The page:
Rejuvenating our project CRF450 was a tedious process, but like paging through an old high school yearbook, it made us feel nostalgic. As we disassembled the bike, it felt like we were taking a trip down memory lane. New parts were ordered. The engine was cracked open. The wheels and plastic went into the trash. As a rule, the MXA wrecking crew doesn’t have a set budget for its project bikes; if we did, they would go more over budget than an Abrams M1 tank. Our plan was to rebuild it to the best of our ability, money be damned, because to do less would defeat the purpose of the project before we even started.

Honda had it all figured out in 2008—then they lost their way for the next eight years,

There was no doubt that we needed new parts. Our bike was old and well-used. Where to start? We started with a Hot Rod bottom-end kit (crankshaft, main bearings and gaskets), new Cylinder Works cylinder (with standard bore), Vertex high-compression piston and Cometic top-end gasket kit. We thought about reusing the cam, but skimping on a complete update seemed criminal, so we opted for a Stage Two Hot Cams setup. We also sprung for a bulletproof Hinson clutch.

It seems like forever ago that EFI technology took over from carburetors. The power of the old carbureted bikes is remarkable. Yes, we had to deal with jetting issues, but the powerband was sweet.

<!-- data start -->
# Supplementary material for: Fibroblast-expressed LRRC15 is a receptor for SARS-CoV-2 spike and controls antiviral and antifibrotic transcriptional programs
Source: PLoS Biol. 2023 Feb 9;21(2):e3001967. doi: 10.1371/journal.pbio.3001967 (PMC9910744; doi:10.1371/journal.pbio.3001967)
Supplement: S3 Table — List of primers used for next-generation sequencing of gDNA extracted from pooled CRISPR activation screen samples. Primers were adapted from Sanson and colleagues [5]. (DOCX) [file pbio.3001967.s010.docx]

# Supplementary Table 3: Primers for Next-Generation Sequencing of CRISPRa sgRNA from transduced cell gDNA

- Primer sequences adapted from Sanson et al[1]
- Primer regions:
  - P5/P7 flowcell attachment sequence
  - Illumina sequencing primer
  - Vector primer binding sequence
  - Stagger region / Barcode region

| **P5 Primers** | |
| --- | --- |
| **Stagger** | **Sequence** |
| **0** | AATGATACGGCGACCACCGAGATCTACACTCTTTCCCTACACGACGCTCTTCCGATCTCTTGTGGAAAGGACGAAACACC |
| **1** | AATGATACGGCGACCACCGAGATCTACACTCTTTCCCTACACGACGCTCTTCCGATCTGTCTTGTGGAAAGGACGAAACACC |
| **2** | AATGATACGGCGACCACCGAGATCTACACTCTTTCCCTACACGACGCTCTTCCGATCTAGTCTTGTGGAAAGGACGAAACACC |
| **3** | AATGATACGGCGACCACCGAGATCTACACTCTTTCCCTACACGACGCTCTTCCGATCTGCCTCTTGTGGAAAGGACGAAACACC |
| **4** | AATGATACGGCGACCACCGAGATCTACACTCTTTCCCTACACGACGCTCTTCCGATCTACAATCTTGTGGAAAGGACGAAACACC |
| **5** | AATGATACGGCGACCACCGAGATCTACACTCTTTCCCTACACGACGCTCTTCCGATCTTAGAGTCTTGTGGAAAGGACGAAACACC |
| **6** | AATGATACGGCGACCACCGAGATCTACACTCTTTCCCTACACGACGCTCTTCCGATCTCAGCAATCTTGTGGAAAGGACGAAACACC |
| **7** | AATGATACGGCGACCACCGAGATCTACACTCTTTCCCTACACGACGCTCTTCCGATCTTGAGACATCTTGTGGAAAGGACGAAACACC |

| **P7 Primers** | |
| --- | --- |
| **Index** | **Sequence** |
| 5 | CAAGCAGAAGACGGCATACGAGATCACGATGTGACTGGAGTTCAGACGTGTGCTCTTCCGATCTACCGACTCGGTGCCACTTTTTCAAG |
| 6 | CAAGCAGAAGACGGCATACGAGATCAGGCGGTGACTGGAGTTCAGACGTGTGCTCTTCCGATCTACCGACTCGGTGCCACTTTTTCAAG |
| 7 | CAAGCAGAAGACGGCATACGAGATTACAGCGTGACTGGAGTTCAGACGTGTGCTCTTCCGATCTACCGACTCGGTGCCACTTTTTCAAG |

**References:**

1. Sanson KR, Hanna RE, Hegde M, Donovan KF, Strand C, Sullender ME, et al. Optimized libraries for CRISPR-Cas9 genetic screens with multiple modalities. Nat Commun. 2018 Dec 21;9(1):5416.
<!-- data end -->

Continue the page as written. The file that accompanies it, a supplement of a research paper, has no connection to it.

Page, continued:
With a new engine, our next step was to disassemble the Keihin FCR carburetor and clean every nook and cranny of this marvelous artifact of the past. Knowing our way around the tried-and-true Keihin, we employed age-old tactics, such as cutting the diaphragm to zero and wiring the accelerator pump. Problems solved.

Our most obvious update was to the aesthetics. We used a yellow Cycra Racing Powerflow kit and Faster USA wheels mated to Dunlop MX3S tires. With the package complete, it was finally time to rip around the track and have joyous memories of the impeccable 2008 Honda CRF450 come flooding back. The first thing our testers noticed when they hit the track was the heavy feeling of the bike compared to the newer-generation CRF450 models, which are lighter and more aggressive with their cab-forward chassis. Even though the weight difference between old and new was just a few pounds, it was noticeable. Equally noticeable was how much more stable the 2008 chassis felt in the rough. It tracked incredibly straight and wasn’t twitchy like the newer models. But, in the air and at the entrance of corners, it felt like a tank (perhaps an Abrams M1).

Surprisingly, all these years later our 2008 CRF450 is still competitive with the new technology of modern bikes. It was refreshing to discover how good we had it back in 2008.